MDM Implementation Styles
Effective master data management (MDM) requires a clear implementation plan and an appropriate implementation style that fits the needs of the business. Four MDM implementation styles are common, Registry model, Consolidation model, Coexistence model, and Centralized model, with a fifth model, E-Synchronization model, that is the latest evolving model with deeper connections into e-commerce platforms to accommodate increasing consumer preferences for online shopping.
Preliminary implementation model considerations
Three factors help to broadly categorize which implementation style will be appropriate for a business.
- Cost — Cost is typically the first and last consideration in choosing an implementation style. Registry models tend to be less complex, or intensive, therefore less expense. From there, the models can be upgraded to other models appropriate for needs. A Registry model can be upgraded to a Consolidation model, for example, with all the accompanying stewardship features added with greater data scrutiny. Costs are important, but the correct style is measured by business goals and needs.
- Data Sources — The number of data sources is another concern. Businesses with large numbers of data sources, for example, can benefit from the Registry model. Multiple sources present data accuracy challenges, but by fetching data from all sources and depositing them in the MDM hub, then applying cleansing and matching algorithms, these systems can reconcile duplicates, and form a single-source of truth, or “golden record”.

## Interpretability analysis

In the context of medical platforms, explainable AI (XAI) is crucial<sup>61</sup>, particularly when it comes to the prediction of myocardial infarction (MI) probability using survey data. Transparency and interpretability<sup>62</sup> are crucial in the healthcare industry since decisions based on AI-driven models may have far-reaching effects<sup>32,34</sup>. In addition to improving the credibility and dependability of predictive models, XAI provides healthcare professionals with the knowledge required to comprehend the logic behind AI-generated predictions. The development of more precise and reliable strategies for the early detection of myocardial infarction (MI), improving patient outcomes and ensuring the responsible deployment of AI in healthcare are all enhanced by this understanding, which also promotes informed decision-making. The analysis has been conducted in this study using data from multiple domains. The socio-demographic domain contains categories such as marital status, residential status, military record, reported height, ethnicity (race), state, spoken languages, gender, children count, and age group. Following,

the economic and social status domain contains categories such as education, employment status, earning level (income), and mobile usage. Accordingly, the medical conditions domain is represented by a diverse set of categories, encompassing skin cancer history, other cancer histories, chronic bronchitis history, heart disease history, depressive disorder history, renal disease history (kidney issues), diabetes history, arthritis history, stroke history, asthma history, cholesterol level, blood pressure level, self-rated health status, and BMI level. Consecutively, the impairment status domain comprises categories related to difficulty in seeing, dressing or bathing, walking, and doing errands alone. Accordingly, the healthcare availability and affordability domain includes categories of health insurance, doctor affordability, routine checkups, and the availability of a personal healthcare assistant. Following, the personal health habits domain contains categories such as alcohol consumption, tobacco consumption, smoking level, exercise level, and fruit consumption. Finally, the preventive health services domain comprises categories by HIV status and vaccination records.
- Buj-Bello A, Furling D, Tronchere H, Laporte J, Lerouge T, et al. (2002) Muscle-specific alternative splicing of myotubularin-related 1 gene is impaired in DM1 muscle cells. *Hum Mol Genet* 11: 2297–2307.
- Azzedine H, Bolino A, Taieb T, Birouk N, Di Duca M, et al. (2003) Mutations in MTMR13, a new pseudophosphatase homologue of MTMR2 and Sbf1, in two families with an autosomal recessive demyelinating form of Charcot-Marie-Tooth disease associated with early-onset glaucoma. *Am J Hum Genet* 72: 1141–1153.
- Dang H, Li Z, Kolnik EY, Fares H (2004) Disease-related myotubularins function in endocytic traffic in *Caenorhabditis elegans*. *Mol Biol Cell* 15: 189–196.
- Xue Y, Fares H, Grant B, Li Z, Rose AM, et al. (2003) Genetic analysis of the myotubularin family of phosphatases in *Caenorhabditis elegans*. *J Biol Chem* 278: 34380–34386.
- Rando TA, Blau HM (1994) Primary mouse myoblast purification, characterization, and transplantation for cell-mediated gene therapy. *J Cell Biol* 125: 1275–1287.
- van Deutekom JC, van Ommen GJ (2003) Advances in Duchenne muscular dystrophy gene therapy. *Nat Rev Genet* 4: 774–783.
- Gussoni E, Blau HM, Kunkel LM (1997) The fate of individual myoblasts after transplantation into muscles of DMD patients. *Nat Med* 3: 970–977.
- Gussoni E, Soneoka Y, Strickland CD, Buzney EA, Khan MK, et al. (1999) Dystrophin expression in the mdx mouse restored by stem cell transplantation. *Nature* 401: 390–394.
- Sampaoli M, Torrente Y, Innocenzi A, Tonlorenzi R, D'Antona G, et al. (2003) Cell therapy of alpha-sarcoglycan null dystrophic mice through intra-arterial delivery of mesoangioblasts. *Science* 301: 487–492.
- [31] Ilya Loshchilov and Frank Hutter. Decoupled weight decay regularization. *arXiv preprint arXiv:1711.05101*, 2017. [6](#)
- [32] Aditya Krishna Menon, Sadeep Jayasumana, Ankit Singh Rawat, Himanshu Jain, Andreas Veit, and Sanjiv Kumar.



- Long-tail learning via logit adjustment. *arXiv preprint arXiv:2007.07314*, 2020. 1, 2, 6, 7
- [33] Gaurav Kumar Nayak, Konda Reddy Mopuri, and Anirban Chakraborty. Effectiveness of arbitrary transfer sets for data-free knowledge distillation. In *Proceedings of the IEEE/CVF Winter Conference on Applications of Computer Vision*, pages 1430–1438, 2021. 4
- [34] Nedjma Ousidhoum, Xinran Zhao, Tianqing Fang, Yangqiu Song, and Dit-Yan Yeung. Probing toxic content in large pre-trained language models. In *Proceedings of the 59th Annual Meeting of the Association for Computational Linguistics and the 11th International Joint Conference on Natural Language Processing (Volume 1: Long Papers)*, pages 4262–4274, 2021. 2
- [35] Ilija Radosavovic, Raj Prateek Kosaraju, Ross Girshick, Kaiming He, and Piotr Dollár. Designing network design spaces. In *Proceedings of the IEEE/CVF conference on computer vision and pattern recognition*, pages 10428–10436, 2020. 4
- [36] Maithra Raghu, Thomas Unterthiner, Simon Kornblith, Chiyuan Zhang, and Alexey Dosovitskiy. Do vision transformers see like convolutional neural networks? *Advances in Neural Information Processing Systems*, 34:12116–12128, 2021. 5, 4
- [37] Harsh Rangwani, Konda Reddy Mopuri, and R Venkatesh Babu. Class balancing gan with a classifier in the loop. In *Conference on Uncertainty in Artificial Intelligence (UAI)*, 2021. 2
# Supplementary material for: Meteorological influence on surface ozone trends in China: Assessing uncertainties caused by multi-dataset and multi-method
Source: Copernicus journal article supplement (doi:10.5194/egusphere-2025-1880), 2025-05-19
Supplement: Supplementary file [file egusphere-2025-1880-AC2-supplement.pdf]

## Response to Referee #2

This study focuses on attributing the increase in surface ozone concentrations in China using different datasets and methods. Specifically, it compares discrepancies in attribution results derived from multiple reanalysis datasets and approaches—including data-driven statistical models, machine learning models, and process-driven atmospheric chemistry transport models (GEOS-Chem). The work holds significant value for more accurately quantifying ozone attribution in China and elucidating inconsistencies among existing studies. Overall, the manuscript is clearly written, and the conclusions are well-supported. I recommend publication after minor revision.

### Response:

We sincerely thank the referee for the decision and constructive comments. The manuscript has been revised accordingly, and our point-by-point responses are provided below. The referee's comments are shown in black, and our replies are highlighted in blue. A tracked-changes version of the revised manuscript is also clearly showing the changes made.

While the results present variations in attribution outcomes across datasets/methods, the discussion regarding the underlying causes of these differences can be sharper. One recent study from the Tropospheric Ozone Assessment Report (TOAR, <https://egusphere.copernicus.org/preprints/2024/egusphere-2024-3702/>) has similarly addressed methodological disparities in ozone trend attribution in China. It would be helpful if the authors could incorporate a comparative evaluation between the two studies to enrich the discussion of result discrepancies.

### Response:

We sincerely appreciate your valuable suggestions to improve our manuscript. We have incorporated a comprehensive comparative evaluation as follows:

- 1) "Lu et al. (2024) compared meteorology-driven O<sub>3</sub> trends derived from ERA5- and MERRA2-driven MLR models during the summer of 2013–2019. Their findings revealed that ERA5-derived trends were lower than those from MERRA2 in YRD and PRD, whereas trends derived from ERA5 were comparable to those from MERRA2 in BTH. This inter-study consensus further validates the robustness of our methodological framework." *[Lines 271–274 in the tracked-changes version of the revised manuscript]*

- Data Scrutiny — Based on the two factors above, Registry implementation style seems to win out, it is both the cheapest, and can easily form a golden record from multiple data sources. However, the Registry’s golden record is not 100% accurate, it’s an approximation made by computer algorithm. If greater data scrutiny is required (see Match and Merge Concepts section), then a human eye can review data and determine accuracy more closely. These systems use additional stewardship features, and therefore cost more.
Elements in MDM implementation styles
The following five elements help determine the characteristics of each implementation style.
- Data Authors — Data authors are those who originate data into the system. Two locations are important in determining an implementation style, originating information at data sources, and/or originating data at the MDM hub.
- Source Systems — How many data sources are there? Will those data sources be looped back into the MDM and synced in real-time?
- MDM Platform — While the MDM platform plays the most prominent role in keeping a golden record, depending on the implementation style, the MDM hub may share data with source systems or simply use them to compile a master record leaving them untouched in place.